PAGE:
Facebook enriches that data set — which is already pretty valuable — with information from data aggregators. Data on users’ income, marital status, loans, mortgages, credit cards, how much their house is worth, where they were born, where they went to school, how many kids they have and their ages, what kind of car they drive, where they work and the town in which they live (and much more) is mashed up with information Facebook gets from sites that its users visit that have the Facebook sharing button and what those users are looking at and clicking on. Facebook can then offer advertisers more than 1,300 attributes to reach a very relevant set of eyeballs.
In the Belly of the Facebook Ad Beast
Over the past several years, Facebook has innovated on how those brands can grab their targeted user’s attention. Dynamic ads on Facebook allow brands to present a carousel of their products from their product catalogue inside a user’s news feed. Facebook’s newly launched travel CityGuides give users information on what’s happening in cities like Boston and allow them to book hotel rooms and make other travel arrangements. Facebook reports that for brands using these dynamic formats, recall increases 20 percent and awareness by as much 11 percent.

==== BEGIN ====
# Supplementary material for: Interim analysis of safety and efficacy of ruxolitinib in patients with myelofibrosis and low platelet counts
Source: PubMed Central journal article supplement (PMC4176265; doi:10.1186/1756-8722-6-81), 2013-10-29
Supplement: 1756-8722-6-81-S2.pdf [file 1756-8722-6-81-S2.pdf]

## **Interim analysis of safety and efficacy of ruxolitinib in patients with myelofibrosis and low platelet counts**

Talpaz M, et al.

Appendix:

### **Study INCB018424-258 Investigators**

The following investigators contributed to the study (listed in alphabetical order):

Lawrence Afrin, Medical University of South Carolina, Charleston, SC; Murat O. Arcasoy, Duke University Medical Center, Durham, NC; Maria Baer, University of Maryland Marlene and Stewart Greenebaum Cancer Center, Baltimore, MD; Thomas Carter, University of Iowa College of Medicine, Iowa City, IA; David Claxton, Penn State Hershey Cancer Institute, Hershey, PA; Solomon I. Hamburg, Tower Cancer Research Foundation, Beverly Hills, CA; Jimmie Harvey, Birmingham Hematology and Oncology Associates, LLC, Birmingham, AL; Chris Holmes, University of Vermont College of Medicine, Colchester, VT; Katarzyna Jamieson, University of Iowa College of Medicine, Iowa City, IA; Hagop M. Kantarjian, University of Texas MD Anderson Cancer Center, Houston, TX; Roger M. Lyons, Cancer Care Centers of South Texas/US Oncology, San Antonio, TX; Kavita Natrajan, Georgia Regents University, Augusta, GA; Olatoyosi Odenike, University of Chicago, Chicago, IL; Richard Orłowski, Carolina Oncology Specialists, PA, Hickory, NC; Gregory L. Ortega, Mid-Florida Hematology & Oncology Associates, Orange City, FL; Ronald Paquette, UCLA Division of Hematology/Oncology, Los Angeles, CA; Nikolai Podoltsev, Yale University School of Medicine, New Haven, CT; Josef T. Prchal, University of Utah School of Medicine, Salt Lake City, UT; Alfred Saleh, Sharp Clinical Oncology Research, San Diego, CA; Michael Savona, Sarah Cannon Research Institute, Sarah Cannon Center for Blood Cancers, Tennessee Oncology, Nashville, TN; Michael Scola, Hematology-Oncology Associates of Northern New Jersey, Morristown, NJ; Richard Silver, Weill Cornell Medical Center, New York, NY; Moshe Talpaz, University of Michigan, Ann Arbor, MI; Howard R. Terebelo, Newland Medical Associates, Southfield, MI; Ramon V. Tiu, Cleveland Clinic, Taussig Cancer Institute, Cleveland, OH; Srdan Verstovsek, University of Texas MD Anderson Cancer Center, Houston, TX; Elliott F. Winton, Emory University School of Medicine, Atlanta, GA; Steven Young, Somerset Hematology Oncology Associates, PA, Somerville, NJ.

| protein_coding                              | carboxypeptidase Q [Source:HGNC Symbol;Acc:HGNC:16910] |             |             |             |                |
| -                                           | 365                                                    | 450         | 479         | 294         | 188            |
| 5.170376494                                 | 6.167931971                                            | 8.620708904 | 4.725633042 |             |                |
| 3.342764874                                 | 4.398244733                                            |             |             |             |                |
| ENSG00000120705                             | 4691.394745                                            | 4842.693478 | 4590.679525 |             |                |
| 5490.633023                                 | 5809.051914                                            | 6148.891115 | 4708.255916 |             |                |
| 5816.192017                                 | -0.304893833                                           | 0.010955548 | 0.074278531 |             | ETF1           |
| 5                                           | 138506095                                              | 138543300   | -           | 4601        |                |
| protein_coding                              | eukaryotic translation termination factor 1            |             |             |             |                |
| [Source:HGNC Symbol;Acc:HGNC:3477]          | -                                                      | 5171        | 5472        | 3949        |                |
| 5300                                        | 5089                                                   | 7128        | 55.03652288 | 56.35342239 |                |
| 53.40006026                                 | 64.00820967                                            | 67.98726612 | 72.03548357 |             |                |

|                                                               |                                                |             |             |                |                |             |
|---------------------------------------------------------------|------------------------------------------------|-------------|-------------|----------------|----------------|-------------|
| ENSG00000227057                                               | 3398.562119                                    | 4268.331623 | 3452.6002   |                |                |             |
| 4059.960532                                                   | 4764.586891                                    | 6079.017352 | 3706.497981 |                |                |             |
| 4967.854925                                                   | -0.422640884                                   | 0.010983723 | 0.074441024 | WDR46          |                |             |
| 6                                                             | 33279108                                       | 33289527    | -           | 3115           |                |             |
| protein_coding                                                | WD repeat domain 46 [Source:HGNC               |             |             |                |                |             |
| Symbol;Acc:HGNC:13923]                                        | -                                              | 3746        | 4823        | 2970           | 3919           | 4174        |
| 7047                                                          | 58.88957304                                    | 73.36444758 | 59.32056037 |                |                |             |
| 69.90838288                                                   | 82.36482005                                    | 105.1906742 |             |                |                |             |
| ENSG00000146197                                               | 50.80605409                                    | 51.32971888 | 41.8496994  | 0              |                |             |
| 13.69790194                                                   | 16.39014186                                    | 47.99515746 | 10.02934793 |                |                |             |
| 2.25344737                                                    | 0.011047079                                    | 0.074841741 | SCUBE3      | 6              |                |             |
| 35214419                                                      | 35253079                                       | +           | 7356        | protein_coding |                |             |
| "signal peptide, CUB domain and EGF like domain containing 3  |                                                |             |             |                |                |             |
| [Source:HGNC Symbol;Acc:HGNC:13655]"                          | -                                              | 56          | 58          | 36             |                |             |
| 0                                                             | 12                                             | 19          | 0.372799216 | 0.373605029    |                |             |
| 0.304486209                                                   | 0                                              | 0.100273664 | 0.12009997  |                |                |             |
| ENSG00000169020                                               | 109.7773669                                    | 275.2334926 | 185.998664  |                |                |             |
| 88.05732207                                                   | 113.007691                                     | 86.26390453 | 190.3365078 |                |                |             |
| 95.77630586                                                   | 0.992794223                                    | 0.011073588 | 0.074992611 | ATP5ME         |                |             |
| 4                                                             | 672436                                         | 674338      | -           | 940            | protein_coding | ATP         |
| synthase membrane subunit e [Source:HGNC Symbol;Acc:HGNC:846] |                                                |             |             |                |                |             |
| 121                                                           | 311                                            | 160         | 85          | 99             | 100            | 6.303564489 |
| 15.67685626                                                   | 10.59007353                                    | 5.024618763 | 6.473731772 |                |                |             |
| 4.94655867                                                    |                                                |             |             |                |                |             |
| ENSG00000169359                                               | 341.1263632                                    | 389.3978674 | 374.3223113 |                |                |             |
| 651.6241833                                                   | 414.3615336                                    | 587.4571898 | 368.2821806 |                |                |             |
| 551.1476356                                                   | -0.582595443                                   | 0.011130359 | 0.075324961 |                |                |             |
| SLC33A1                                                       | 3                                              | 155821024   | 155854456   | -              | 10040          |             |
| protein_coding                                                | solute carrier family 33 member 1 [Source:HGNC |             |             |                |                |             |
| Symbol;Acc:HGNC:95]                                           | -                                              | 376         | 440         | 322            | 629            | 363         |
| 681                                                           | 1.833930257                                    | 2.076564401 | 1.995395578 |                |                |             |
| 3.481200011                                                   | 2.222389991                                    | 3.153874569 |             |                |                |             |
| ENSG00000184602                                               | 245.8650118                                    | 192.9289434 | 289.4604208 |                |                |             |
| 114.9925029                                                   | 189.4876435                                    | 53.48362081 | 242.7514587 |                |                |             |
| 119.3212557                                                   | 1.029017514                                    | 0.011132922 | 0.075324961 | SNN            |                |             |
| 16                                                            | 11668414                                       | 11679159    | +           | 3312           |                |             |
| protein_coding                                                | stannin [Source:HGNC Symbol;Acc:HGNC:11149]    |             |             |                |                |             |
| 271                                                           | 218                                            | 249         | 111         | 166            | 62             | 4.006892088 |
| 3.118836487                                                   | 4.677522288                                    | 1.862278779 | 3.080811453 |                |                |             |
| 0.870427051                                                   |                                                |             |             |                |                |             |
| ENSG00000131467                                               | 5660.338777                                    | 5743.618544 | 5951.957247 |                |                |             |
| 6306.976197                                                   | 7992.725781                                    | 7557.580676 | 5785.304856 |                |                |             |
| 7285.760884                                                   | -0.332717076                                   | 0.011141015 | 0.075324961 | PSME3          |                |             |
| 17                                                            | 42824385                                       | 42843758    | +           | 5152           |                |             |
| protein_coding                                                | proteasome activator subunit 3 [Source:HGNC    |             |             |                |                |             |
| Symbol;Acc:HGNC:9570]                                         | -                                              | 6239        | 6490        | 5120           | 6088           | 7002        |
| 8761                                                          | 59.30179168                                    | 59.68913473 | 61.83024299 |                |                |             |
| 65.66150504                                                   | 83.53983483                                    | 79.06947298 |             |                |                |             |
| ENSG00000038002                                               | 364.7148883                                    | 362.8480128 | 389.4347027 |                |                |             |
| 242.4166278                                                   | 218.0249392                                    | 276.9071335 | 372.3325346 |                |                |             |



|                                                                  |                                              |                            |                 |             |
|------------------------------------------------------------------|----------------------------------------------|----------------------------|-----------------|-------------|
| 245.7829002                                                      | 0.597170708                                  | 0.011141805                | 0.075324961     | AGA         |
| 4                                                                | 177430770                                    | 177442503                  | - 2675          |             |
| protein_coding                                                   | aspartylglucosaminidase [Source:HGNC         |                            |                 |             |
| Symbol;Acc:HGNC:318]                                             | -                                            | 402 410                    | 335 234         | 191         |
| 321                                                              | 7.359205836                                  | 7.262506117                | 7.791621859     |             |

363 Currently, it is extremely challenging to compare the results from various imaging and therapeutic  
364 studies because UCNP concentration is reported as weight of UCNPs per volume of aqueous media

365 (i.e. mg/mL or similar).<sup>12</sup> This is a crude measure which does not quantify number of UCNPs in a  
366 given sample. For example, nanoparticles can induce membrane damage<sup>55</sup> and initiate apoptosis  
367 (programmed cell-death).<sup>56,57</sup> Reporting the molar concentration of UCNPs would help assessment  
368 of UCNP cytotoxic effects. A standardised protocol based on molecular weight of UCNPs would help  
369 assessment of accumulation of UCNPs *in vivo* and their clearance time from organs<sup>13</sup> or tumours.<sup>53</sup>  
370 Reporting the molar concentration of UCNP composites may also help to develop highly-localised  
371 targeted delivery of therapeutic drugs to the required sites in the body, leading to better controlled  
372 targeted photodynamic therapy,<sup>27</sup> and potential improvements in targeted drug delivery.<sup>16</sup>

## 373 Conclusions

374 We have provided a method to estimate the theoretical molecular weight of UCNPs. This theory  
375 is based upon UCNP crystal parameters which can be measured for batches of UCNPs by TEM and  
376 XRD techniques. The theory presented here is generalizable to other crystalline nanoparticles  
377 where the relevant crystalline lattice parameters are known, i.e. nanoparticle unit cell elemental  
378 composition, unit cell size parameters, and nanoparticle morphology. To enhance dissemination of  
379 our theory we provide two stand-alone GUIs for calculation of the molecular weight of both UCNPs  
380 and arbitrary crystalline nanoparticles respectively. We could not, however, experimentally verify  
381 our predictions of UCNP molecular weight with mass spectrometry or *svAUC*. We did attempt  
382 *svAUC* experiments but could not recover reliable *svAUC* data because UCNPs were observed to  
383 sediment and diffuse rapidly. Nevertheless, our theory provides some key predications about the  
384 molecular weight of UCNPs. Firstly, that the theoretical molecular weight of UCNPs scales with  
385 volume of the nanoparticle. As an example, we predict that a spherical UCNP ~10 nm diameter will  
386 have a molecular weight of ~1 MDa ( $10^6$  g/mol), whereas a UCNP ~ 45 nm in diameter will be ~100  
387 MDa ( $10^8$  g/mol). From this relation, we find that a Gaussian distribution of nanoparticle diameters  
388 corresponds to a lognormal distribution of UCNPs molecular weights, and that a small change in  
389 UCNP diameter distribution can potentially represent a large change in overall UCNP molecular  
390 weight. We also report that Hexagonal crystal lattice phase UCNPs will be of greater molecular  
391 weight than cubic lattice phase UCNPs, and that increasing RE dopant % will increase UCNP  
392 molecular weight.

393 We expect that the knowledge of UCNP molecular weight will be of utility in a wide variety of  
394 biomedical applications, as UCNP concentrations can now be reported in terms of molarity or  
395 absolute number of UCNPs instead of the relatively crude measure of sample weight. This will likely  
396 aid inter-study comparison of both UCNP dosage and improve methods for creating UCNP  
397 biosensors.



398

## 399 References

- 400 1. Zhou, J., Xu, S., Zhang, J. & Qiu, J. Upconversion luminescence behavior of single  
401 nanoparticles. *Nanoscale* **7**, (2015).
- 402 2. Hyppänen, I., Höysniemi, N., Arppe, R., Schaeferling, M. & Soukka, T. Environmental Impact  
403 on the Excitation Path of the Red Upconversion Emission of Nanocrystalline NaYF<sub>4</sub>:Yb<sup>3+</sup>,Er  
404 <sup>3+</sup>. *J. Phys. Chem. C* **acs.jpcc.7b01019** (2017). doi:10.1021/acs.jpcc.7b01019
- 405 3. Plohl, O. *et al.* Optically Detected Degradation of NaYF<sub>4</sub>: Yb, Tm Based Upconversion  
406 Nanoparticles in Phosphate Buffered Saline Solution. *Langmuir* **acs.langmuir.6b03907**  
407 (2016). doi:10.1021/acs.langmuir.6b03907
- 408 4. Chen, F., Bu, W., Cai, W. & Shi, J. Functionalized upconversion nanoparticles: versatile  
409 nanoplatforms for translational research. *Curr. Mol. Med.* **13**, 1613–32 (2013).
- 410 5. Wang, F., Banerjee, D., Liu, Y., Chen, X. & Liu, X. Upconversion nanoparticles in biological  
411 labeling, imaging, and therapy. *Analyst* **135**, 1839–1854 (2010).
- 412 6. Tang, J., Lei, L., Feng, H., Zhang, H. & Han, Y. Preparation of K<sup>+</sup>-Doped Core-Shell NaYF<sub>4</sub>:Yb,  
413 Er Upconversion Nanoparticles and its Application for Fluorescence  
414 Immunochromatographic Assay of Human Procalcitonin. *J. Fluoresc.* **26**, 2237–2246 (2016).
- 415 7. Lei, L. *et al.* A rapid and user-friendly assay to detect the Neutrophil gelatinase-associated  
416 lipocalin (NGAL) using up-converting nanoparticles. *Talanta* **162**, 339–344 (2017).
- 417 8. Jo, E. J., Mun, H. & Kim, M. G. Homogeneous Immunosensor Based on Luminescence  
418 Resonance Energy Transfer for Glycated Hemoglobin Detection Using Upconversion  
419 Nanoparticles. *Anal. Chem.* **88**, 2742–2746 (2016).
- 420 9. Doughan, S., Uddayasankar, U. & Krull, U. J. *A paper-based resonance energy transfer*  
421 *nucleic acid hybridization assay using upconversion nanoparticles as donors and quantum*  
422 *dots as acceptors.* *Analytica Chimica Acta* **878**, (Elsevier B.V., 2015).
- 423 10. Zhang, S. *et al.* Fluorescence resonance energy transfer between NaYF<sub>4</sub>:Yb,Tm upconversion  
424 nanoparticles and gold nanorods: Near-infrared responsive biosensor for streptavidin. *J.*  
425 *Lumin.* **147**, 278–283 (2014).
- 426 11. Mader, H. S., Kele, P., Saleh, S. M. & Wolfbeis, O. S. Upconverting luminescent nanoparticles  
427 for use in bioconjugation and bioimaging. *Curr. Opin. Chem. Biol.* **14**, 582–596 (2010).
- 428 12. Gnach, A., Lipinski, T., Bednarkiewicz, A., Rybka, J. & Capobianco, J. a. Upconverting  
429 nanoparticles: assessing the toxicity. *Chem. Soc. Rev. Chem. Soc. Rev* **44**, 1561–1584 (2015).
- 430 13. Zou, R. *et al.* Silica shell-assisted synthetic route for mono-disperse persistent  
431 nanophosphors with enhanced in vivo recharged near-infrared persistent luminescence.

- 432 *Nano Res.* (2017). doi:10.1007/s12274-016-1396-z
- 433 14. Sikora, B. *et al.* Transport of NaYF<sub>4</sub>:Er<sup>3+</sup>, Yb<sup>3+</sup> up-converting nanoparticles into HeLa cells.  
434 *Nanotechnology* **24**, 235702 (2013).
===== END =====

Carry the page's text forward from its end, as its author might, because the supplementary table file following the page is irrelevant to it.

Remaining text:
Shopping on Instagram offers brands a way to engage with users and show them new and/or curated products. Launched last fall as a trial, last month, that trial was expanded from its 20 pilot set of brands to many more brands. Kate Spade said that their customers loved the ability to seamlessly move from information to inspiration to purchase; one pilot retailer reported a 33 percent lift in conversions.
And in every case — via dynamic ads or Canvas or Shopping on Facebook — those conversions and sales lifts were measured by users who clicked through those ad experiences and off Facebook to the brand’s own websites to complete the purchase.